For what it's worth, I was also a "digital nomad" of sorts for a few years, and the address I used was the friend who had a few boxes of my stuff in storage and whose address I used for tax purposes. Realistically speaking, I've never heard of any kind of validation of what you write as your home address, much less attempts to contact it (what are they going to do, send a postcard?) -- my handwriting is usually a near-illegible scrawl and nobody has ever asked me to clarify what I wrote.

Finally, I did occasionally register at hotels with an address of "homeless" or "no fixed abode". The reactions were sometimes mildly amusing, but I really wouldn't recommend this for visas or at immigration.

  • 2
    +1. Unfortunately the term ‘homeless’ is heavily biased in the modern era and some hotels might even refuse. – Hanky Panky Sep 17 at 10:10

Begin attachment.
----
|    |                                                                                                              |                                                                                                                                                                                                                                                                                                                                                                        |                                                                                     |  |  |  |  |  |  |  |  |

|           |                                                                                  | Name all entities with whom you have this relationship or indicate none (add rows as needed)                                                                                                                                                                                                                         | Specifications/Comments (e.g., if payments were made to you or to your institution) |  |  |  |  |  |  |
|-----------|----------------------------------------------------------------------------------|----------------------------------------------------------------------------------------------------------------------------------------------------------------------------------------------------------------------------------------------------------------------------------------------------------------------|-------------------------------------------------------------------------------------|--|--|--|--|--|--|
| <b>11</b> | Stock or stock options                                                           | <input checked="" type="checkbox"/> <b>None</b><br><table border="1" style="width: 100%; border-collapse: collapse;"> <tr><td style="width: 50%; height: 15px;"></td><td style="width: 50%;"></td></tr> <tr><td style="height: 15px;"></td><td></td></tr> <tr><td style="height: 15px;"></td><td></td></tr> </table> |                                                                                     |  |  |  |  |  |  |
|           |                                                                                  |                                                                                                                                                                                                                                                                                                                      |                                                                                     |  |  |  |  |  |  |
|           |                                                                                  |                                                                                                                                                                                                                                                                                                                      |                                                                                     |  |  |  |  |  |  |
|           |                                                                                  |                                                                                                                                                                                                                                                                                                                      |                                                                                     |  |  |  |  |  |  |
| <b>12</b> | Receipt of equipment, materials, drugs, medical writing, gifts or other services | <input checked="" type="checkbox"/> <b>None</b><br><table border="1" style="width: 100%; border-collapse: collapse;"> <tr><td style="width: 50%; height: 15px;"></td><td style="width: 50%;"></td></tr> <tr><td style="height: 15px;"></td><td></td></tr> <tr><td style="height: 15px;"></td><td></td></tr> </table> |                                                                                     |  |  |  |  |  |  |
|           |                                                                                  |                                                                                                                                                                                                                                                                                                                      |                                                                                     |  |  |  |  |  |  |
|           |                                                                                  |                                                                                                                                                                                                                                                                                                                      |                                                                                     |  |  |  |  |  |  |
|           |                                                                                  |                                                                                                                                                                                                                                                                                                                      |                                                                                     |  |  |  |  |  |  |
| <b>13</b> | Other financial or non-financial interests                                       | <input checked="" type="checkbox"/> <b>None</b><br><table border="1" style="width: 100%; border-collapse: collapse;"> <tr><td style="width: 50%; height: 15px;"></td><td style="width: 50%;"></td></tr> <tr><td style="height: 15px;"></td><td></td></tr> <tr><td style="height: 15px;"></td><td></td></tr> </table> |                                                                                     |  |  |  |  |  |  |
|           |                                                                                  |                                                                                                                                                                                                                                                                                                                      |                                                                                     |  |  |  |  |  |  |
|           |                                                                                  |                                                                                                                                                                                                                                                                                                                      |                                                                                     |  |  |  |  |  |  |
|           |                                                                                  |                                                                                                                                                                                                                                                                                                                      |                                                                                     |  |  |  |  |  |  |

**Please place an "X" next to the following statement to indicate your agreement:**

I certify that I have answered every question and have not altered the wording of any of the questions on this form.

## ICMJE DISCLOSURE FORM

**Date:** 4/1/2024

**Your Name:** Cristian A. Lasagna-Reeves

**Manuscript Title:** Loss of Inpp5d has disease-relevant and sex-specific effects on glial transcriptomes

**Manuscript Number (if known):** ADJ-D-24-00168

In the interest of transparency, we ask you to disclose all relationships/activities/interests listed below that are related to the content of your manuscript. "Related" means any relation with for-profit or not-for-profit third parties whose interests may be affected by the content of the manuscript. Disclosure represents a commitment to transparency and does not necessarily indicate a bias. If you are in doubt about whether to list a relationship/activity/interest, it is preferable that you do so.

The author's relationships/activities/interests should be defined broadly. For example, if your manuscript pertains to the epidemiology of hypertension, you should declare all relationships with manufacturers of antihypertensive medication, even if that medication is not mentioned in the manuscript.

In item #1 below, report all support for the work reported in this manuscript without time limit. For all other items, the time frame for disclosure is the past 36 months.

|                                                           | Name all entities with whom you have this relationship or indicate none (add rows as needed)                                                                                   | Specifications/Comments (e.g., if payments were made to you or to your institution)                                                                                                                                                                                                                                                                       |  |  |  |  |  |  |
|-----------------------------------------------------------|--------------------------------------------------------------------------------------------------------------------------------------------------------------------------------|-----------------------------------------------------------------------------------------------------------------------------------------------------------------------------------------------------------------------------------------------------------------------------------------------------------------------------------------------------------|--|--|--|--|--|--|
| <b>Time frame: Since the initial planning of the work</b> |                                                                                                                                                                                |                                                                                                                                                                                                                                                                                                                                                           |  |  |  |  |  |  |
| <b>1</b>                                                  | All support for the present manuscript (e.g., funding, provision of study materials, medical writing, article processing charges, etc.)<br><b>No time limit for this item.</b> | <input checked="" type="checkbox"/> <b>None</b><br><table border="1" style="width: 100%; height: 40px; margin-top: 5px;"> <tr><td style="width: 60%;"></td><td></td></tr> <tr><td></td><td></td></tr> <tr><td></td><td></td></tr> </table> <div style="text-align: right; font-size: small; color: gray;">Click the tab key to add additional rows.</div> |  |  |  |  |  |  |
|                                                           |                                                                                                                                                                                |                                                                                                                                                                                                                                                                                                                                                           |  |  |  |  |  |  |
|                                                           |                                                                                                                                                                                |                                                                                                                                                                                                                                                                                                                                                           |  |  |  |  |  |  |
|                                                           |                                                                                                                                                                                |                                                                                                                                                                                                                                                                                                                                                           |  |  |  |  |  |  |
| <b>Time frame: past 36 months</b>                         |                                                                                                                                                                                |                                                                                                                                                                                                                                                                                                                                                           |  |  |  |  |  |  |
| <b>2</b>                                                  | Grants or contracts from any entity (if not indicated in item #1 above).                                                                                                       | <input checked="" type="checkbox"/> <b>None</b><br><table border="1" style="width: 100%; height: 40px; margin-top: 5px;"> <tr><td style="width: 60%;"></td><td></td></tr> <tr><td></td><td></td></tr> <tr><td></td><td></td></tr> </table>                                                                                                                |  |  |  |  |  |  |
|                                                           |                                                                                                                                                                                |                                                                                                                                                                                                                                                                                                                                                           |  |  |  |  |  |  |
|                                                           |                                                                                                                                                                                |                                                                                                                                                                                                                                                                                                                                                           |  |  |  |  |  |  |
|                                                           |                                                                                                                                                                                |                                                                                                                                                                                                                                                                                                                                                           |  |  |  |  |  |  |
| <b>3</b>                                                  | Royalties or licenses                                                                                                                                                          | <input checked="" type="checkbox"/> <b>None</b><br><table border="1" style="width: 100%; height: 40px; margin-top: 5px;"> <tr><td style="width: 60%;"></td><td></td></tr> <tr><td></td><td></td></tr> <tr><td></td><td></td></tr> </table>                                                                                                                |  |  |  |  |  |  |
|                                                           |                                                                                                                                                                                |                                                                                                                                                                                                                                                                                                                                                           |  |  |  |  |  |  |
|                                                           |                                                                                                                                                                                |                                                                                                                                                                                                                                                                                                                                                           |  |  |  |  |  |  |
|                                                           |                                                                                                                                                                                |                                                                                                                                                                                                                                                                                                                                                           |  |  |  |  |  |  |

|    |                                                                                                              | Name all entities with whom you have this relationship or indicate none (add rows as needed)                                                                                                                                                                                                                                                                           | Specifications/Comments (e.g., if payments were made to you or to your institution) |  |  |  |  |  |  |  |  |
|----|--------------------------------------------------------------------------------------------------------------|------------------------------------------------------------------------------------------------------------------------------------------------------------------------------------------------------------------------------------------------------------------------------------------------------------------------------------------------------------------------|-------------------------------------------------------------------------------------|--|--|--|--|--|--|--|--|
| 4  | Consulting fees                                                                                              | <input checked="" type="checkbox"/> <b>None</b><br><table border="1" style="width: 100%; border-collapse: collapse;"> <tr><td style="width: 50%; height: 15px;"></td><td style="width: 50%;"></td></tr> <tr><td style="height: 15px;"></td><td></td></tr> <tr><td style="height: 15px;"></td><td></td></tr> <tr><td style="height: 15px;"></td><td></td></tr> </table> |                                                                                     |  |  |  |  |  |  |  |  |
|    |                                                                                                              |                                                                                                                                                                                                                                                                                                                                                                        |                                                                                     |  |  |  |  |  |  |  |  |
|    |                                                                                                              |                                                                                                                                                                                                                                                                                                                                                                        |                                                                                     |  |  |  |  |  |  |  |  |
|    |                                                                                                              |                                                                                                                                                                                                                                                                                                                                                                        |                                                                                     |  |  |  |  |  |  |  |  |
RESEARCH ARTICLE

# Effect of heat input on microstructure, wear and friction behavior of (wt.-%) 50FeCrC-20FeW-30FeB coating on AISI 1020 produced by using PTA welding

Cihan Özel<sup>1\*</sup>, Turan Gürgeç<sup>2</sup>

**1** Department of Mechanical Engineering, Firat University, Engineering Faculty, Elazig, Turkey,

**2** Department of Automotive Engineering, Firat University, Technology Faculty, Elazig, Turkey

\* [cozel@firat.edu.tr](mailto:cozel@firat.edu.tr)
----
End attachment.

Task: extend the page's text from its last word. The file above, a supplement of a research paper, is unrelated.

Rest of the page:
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This question is almost impossible to answer properly since specific information needed is missing and therefor must be assumed to give in answer at all.

If you are not interested in any of the legal MomboJumbo

  • skip down to Question 2

Missing

  • Citizenship of person
  • Country that it applies to

Assumptions

  • homelessness is Voluntarily
  • Context is for visa purposes
  • Tax regulations do not apply
    • Tax Authorities define these to suit their needs an not the needs of a citizen

At this point it should clear that this is primarily a question about law and only secondary about travel.


Question 1

What is considered (in a legal sense) a Home or Residence?